As readers might suspect, I have been bedridden, overwhelmed with grief at the announcement that two of the oldest buildings on the former A.G. Edwards campus are marked for demolition in order to build two new hotels, a couple of blocks from the new soccer stadium. As many readers know, this was the heart of the Mill Creek neighborhood (not the natural valley), and the famed People’s Finance Corporation Building stood on the site of the now-doomed office buildings. Read about that now-vanished African American institution in this article I wrote several years ago. I find it ironic, that the proponents of Modernism were so disdainful of the past are now finding their creations being condemned for the very thing they so despised: obsolescence and old age. The current buildings marked for demolition are bland, non-descript and I welcome their demolition. Remember, this is not a preservationist website, but rather a website that argues for beauty and quality in the built environment.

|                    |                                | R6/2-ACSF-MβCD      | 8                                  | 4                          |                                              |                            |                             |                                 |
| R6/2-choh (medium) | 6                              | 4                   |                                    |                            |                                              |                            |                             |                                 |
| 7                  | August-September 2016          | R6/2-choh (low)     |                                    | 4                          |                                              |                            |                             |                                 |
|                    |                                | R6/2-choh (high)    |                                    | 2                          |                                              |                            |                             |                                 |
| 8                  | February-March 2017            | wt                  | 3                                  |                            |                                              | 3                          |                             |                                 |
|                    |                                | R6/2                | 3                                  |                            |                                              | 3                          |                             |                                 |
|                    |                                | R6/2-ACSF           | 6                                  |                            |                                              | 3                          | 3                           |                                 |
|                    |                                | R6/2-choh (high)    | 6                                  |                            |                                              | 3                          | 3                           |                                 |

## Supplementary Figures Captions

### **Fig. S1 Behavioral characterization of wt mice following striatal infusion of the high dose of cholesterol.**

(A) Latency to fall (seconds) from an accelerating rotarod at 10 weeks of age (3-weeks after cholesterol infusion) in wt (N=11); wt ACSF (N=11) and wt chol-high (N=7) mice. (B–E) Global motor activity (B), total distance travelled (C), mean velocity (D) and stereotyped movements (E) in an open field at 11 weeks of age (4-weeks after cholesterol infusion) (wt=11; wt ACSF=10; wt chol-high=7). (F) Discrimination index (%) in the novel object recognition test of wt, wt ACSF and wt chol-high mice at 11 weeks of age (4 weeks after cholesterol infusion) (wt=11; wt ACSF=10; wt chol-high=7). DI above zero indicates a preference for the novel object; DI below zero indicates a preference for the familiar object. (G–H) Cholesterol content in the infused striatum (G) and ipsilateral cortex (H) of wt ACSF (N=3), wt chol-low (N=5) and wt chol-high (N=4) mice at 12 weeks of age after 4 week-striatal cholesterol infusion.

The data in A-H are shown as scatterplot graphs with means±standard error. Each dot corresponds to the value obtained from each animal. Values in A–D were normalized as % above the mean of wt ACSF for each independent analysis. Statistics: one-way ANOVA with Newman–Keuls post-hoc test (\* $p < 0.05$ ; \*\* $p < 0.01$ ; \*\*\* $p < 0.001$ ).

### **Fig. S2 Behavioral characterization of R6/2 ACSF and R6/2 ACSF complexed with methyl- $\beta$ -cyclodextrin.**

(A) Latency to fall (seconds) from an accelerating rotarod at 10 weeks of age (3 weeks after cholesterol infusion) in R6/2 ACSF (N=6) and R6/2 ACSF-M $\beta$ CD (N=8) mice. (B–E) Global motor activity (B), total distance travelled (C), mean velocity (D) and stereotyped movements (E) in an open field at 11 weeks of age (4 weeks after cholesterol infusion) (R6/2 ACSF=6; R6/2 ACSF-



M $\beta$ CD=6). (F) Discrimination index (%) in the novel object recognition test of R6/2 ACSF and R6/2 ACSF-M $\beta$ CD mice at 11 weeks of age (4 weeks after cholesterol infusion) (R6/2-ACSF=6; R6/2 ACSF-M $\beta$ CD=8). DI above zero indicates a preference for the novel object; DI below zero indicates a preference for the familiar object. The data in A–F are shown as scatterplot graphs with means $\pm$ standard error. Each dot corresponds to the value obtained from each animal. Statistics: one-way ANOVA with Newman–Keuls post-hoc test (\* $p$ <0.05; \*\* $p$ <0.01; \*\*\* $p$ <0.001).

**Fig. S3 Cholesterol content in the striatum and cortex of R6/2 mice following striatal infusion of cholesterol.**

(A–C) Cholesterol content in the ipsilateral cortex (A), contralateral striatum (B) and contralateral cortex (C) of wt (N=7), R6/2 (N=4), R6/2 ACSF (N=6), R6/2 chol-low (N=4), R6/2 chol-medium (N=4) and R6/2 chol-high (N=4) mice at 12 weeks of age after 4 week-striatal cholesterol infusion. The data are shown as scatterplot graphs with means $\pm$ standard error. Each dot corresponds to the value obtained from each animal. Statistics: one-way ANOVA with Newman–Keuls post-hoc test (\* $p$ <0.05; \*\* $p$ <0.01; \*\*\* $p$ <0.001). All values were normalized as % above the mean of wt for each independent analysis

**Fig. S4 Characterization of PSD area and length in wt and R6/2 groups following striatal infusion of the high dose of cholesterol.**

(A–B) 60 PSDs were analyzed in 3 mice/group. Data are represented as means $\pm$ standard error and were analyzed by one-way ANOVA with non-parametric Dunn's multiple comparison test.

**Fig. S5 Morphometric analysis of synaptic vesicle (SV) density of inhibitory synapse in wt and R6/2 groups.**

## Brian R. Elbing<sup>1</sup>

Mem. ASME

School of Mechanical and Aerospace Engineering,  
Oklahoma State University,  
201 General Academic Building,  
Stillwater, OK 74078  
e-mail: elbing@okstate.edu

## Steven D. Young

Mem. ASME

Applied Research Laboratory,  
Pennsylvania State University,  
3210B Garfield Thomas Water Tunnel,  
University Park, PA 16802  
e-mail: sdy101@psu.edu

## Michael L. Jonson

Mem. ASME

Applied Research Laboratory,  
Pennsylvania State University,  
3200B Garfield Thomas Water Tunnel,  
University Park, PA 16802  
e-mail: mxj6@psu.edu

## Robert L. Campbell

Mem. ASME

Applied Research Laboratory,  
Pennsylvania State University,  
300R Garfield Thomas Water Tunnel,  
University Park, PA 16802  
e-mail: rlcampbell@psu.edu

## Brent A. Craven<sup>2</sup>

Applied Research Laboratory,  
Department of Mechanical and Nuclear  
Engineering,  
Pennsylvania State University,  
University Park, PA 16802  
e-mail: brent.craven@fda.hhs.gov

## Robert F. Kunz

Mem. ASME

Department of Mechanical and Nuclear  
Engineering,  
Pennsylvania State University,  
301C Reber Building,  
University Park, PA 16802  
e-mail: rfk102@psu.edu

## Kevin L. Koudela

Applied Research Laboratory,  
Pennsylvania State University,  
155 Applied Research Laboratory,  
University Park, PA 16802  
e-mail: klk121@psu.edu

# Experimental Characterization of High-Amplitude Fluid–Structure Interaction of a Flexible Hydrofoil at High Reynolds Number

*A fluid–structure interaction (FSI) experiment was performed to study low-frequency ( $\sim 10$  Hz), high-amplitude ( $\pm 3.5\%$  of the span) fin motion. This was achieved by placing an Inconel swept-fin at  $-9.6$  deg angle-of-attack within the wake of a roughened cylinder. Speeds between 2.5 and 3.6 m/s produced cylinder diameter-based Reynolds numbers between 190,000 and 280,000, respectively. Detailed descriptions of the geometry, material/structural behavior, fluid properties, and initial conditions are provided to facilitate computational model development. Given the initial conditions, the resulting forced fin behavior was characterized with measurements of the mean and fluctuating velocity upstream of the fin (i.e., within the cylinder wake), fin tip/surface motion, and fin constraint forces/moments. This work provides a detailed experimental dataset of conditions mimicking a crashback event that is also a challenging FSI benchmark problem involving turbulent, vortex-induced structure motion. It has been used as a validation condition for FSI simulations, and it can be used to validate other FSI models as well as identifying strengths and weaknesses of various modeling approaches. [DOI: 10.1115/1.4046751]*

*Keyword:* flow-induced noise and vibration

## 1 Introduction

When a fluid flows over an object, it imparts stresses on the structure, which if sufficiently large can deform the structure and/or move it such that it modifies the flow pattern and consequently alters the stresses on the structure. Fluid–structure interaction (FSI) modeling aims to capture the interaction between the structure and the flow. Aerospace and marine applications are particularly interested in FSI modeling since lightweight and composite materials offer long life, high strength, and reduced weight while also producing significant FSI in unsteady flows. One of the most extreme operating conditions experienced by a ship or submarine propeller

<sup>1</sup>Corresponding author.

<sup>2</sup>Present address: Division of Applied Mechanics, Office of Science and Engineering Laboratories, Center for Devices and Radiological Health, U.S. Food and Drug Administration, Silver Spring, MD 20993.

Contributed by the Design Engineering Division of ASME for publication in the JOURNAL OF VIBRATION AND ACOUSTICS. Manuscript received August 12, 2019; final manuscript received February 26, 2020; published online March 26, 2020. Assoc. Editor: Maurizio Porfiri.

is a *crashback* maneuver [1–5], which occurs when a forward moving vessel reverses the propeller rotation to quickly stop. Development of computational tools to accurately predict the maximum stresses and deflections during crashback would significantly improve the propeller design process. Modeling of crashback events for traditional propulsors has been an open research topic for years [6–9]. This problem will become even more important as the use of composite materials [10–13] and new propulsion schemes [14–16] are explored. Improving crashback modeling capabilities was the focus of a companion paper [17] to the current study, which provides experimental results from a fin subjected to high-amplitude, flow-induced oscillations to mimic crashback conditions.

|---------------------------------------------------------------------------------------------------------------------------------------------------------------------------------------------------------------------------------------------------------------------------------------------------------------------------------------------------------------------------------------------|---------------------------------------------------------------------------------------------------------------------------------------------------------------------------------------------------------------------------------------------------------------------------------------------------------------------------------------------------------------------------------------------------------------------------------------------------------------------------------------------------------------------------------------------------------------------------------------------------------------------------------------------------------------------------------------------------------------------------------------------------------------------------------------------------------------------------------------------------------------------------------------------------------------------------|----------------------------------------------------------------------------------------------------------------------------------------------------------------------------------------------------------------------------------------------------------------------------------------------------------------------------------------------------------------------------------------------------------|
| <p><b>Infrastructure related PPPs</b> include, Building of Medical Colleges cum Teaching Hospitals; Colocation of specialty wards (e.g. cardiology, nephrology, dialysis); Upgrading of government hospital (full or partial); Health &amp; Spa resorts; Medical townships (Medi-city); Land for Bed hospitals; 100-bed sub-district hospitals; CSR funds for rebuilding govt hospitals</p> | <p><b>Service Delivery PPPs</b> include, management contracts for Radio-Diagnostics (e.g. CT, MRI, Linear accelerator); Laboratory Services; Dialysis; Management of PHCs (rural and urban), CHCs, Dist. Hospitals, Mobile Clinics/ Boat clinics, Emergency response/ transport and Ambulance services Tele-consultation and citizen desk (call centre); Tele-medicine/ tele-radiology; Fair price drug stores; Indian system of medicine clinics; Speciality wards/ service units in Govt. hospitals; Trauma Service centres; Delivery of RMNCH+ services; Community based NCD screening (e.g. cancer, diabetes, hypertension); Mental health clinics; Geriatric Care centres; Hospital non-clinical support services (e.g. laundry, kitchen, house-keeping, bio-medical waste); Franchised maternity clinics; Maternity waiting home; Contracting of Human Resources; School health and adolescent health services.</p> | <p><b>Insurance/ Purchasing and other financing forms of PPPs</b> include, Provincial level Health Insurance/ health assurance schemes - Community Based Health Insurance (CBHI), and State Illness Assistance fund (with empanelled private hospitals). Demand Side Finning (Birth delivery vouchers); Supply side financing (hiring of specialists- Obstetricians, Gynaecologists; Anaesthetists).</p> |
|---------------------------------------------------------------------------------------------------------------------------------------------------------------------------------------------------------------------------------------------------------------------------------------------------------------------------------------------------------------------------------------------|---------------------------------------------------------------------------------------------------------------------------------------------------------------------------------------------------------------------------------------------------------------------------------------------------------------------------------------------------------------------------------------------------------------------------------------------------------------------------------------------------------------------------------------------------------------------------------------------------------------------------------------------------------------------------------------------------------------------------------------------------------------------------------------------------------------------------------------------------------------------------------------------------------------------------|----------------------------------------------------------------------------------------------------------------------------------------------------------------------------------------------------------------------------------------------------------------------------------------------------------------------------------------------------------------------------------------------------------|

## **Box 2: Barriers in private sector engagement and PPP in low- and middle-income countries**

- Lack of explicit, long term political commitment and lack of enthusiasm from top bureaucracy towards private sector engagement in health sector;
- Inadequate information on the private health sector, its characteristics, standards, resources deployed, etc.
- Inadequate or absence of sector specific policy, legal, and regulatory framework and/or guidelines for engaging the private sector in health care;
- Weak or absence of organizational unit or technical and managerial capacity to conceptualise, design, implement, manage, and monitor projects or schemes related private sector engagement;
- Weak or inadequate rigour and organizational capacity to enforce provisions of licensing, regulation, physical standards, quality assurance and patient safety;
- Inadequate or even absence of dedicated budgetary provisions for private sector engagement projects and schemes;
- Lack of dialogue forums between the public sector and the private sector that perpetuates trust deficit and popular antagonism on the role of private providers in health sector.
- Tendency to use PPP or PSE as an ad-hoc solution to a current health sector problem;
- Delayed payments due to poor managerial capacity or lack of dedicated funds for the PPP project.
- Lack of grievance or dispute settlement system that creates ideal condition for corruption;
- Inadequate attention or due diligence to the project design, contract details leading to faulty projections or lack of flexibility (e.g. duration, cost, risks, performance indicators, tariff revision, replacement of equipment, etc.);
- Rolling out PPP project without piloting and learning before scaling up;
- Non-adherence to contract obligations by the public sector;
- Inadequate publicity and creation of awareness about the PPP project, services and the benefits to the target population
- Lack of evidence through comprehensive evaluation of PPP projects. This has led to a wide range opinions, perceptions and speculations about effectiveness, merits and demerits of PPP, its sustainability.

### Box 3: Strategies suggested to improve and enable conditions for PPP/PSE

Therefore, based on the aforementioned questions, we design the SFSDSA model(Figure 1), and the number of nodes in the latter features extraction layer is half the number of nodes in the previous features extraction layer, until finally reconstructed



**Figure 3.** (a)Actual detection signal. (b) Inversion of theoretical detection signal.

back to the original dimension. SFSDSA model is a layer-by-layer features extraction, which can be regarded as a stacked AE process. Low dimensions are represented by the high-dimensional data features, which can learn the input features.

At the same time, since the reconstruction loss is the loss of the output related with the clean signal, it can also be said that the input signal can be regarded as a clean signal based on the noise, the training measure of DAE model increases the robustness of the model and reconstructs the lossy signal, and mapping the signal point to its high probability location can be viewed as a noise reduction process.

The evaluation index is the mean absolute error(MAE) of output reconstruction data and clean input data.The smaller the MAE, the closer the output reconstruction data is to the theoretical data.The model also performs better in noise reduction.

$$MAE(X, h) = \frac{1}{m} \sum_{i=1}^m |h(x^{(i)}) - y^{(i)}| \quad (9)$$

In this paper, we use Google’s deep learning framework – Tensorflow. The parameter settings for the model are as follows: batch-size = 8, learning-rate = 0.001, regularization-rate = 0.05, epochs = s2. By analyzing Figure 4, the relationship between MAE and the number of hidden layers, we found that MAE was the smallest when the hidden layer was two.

Let’s hope the new hotels and any accompanying development are urban in design, and erase the ugly mistake made so many years ago. The intersection of Jefferson and Market is a depressing, traffic-ruined mess, and building people-centric development on one corner is the first step to improving the other three–and then on to other blocks destroyed by urban renewal so many decades ago.
The view above from 1971 is the original building, which is now the wing sticking out to the left in my photo from this week. A giant parking lot had replaced the People’s Finance Corporation Building. If you look off in the distance in the right background, you can see the now-demolished Holy Cross Lutheran Church of the Deaf.
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I agree. These buildings have zero aesthetic merit and deserve to be pulled down. The fortress mentality exhibited in this collection of bland modernist buildings have always been a blight. Let’s hope something better replaces it. It often takes multiple decades to recover from any mid-century ‘urban renewal’ clearance catastrophe. One only has to look at how long the no man’s land of Bunker Hill in Los Angeles was a desolate landscape after all the Victorian houses were torn down in the 50’s and 60’s.